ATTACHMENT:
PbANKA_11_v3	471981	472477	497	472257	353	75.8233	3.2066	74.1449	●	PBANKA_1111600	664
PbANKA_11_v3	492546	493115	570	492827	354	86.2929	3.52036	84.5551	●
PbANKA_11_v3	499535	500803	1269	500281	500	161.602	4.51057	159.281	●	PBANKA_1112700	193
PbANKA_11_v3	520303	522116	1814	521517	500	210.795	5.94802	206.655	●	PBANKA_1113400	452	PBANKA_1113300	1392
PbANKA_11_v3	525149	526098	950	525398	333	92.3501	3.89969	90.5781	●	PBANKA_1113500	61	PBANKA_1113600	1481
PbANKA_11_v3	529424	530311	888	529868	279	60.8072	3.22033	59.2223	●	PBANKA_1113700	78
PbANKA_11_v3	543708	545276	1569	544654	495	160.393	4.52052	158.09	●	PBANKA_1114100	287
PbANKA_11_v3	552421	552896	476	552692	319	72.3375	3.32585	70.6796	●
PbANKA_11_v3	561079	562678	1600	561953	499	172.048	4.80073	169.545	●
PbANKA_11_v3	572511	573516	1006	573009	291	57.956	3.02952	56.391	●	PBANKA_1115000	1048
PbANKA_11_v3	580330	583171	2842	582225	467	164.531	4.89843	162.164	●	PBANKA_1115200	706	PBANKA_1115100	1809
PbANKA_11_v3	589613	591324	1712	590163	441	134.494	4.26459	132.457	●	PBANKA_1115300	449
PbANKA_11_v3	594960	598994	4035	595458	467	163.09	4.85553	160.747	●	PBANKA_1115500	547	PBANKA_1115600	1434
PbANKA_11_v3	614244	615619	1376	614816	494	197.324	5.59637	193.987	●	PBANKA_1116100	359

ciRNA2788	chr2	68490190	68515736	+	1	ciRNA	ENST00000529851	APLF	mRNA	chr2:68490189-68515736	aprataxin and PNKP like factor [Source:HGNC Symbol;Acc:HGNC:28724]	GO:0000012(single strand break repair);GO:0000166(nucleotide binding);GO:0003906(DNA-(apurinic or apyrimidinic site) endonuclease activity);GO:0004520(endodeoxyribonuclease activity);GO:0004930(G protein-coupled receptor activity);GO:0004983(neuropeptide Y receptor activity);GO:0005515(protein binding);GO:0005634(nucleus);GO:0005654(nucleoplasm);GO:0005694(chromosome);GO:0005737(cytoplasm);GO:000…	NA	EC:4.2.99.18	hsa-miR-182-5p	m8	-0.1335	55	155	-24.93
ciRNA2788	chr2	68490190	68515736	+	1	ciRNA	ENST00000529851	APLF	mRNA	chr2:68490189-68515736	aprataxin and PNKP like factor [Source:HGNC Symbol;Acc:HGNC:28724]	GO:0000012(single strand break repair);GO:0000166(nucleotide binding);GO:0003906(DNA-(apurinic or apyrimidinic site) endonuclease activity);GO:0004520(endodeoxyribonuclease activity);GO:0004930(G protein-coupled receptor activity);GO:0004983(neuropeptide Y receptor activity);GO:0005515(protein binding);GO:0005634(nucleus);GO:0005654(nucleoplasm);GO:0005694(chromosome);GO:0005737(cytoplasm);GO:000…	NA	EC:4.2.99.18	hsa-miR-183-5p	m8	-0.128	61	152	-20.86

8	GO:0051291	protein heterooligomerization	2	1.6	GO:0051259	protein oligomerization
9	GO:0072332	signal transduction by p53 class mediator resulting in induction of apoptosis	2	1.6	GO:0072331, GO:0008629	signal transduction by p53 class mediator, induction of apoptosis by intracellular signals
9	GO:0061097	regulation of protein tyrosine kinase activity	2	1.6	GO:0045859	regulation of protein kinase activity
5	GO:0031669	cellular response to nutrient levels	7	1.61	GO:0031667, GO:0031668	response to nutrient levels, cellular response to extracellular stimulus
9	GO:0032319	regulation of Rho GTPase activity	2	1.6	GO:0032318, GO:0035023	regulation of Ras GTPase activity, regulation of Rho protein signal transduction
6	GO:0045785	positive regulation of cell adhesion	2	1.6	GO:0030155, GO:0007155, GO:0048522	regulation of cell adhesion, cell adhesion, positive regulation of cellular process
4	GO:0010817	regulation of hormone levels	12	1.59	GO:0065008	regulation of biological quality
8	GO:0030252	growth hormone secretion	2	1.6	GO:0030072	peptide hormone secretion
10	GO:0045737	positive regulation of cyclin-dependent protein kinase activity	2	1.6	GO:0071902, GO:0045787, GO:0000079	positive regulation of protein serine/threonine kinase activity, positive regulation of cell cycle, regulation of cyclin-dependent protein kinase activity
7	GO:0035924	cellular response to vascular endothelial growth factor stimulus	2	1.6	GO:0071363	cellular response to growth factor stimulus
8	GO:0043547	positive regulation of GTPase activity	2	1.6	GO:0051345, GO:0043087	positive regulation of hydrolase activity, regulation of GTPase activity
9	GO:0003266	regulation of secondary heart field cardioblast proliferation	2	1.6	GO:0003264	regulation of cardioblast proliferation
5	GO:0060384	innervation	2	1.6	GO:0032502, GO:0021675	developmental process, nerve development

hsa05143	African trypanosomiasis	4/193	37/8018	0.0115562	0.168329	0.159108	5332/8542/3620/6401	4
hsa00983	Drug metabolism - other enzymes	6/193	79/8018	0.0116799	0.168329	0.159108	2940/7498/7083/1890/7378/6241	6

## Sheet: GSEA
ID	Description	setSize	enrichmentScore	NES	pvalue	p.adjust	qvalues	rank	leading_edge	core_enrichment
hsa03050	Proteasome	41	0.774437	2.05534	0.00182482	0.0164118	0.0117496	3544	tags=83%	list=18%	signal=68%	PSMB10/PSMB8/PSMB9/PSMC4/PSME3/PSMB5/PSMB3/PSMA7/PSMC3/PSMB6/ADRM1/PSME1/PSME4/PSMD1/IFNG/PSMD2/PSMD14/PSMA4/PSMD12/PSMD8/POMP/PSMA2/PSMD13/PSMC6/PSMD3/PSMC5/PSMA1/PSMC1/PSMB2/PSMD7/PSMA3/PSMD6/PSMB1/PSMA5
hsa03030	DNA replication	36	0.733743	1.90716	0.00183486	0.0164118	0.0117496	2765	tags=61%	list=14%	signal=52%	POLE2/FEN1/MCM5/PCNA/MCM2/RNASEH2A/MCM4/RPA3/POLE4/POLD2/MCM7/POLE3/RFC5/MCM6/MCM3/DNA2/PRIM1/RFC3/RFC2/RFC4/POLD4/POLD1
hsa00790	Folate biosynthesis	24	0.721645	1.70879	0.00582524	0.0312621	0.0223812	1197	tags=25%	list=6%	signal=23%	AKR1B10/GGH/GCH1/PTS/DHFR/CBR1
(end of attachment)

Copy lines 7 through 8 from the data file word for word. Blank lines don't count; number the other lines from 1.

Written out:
PbANKA_11_v3	543708	545276	1569	544654	495	160.393	4.52052	158.09	●	PBANKA_1114100	287
PbANKA_11_v3	552421	552896	476	552692	319	72.3375	3.32585	70.6796	●